Featured Image Credit: © National Geographic Stock / Nick Caloyianis / WWF-Canada
By Laura O’Brien
In cold northern waters the world’s slowest shark, the Greenland shark, stalks its prey. But experts want to know, how does it catch its prey?! The sharks are known to eat fish and scavenge, which can explain some of their eating; but experts have found evidence inside of some Greenland shark’s bellies which suggest that these sharks may have some tricks up their sleeves.
Remains of seals have been found inside the bellies of some Greenland sharks, but it is not likely that the seals were scavenged because carnivorous invertebrates would usually appear with remains that had been dead for consumption. The suspicious absence of such invertebrates has left marine experts guessing how the slow Greenland sharks could be catching seals. Data collected from tracking some of the sharks indicates that their highest speed is still only HALF as fast as a seal. This is especially remarkable because these sharks are 10 foot long or even up to 21 feet moving at such a slow speed.
A marine biologist at Tokyo’s National Institute of Polar Research named Watanabe theorized that the sharks may sneak up on the seals as they sleep. This may be possible because Arctic seals are believed to sleep in the water instead of on sea ice as a precaution against the threat of polar bears. Watanabe even said that he once saw what he believed to be a dead seal floating in the water, but when he poked it the seal began to move. So he believes that it would not be far-fetched for a shark to sneak up on a sleeping seal.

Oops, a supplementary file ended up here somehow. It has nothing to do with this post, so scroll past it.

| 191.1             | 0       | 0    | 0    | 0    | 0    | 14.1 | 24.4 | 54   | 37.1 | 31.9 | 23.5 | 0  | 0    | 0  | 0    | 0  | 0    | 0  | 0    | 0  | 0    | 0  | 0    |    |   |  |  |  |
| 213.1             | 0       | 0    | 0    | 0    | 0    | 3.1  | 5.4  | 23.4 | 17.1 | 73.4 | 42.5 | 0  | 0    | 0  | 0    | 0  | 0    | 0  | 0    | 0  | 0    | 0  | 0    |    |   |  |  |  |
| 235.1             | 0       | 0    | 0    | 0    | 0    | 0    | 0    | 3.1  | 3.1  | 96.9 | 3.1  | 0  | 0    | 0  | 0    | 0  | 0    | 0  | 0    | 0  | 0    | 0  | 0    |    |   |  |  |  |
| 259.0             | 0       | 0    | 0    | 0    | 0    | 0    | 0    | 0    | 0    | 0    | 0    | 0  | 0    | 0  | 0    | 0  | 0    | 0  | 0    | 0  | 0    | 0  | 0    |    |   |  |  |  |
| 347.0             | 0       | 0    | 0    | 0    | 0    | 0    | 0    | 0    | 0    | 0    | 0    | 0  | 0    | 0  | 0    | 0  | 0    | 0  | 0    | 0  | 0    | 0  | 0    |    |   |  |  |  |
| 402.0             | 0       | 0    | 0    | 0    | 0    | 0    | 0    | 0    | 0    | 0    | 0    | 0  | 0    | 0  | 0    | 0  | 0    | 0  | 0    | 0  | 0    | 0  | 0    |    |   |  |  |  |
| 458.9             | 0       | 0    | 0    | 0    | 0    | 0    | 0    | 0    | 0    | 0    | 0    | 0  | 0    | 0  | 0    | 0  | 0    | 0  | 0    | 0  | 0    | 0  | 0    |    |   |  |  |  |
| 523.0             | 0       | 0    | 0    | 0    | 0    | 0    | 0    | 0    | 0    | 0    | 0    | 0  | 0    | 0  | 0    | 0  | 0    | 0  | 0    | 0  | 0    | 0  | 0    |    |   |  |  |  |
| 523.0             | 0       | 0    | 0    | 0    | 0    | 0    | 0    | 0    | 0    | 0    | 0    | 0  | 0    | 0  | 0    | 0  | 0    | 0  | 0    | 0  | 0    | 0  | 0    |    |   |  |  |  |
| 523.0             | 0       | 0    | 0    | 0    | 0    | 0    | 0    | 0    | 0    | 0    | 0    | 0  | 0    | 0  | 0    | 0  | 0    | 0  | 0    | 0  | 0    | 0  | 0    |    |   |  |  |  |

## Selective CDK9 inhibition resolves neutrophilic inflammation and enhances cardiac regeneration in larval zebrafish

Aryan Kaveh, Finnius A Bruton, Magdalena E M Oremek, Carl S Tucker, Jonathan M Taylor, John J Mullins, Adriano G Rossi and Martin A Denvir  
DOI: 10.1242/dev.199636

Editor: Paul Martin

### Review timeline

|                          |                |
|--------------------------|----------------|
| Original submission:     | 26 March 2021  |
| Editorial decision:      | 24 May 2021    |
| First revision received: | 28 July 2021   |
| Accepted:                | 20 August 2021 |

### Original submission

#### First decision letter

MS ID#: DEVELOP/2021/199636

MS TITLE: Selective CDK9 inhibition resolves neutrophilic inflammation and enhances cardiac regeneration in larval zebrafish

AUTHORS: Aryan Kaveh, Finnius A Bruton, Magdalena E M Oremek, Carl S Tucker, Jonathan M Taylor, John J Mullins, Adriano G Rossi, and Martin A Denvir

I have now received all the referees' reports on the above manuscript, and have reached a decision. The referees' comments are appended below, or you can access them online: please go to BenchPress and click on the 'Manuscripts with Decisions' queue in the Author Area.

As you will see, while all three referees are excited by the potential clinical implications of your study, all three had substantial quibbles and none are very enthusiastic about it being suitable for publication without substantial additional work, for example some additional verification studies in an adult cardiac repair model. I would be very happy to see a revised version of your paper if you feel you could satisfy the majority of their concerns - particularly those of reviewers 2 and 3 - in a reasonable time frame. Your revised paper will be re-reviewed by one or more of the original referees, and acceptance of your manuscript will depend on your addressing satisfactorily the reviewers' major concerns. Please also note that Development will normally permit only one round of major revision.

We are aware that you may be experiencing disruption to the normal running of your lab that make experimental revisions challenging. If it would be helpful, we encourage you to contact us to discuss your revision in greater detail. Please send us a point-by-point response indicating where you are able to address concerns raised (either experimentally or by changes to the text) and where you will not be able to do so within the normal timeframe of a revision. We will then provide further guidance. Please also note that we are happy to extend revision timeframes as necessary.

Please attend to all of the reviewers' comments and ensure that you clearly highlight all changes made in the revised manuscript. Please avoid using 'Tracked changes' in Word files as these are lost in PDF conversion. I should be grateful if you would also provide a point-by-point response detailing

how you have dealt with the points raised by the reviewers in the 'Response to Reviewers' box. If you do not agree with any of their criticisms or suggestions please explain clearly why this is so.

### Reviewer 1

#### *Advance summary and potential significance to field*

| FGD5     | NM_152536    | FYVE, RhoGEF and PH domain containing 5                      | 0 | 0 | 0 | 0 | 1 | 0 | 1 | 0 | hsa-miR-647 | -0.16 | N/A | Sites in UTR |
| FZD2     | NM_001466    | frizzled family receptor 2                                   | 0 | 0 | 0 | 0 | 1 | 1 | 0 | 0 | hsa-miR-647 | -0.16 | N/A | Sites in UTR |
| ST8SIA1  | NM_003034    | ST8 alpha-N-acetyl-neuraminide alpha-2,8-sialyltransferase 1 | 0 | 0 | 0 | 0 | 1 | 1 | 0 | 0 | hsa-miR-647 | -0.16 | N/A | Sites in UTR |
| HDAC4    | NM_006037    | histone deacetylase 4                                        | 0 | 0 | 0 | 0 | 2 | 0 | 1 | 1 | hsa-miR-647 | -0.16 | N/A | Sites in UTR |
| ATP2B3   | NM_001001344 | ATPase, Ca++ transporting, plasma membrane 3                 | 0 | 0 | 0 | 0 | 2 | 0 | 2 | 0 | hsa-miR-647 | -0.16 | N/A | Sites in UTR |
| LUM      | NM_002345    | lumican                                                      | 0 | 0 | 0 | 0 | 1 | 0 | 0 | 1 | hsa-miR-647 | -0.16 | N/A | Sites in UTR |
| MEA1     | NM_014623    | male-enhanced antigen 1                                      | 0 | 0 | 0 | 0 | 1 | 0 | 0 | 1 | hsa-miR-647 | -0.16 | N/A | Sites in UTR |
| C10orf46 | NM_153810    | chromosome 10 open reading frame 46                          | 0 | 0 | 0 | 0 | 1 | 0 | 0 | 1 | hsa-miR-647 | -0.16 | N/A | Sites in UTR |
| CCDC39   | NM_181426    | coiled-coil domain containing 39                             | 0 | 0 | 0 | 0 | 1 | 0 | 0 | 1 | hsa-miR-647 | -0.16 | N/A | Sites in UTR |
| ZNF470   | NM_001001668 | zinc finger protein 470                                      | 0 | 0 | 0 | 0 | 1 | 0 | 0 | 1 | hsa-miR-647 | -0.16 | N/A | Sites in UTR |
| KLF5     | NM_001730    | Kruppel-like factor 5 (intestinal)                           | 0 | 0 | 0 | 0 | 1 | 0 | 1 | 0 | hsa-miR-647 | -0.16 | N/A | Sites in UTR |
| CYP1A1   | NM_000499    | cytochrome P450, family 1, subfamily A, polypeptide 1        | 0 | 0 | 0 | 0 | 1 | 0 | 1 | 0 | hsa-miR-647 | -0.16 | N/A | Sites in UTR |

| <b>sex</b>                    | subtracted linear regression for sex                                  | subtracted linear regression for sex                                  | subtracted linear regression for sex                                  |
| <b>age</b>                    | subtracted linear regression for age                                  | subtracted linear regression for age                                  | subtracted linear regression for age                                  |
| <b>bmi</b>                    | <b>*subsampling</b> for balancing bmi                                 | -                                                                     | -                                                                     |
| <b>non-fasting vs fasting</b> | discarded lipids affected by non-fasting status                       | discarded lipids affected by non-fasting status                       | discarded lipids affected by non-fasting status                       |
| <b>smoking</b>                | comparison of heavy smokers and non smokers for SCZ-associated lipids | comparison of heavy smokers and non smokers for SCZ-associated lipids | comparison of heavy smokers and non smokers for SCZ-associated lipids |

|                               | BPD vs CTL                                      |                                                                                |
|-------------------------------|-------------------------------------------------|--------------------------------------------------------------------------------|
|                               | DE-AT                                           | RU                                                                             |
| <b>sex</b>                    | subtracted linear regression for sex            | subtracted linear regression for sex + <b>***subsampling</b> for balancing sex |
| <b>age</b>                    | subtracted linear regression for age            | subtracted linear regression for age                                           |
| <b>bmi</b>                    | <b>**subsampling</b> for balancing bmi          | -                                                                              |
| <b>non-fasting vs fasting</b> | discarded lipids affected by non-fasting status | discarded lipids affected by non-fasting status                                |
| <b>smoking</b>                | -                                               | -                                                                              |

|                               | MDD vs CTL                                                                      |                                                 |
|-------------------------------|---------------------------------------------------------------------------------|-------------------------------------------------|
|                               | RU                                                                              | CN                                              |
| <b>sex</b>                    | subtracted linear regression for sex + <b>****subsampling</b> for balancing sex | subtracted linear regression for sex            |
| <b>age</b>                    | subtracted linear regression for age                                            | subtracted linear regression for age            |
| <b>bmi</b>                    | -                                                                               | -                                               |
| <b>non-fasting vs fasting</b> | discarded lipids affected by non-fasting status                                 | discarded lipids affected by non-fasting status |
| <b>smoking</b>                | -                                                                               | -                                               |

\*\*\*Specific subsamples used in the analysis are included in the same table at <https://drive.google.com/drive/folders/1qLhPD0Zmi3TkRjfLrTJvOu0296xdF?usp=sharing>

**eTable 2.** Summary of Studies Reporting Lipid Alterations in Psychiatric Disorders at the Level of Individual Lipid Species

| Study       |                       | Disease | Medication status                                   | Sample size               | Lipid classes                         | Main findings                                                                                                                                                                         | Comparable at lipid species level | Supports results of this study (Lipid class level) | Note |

Meanwhile, a different marine biologist believes that other another hypothesis may explain the sharks’ ability to hunt seals. Gregory Skomal, who works at the Massachusetts division of Marine Fisheries, proposed the idea that the sharks utilize camouflage and their slow movements to sneak up on conscious seals. He also acknowledged that the sharks might have actually scavenged the seals that were found in their bellies. Although there were no brittle stars or other carnivorous invertebrates in the shark’s bellies to suggest that the seals had been dead, he believes that those creatures could have adequate time to evacuate the corpse as the slow moving shark began eating it.
Clearly, there is still work to be done before scientists will discover how on earth the Greenland sharks could have seal remains in its belly. We look forward to the results of Watanabe’s new project, where his team will attach cameras to Greenland sharks in order to learn more about their habits.
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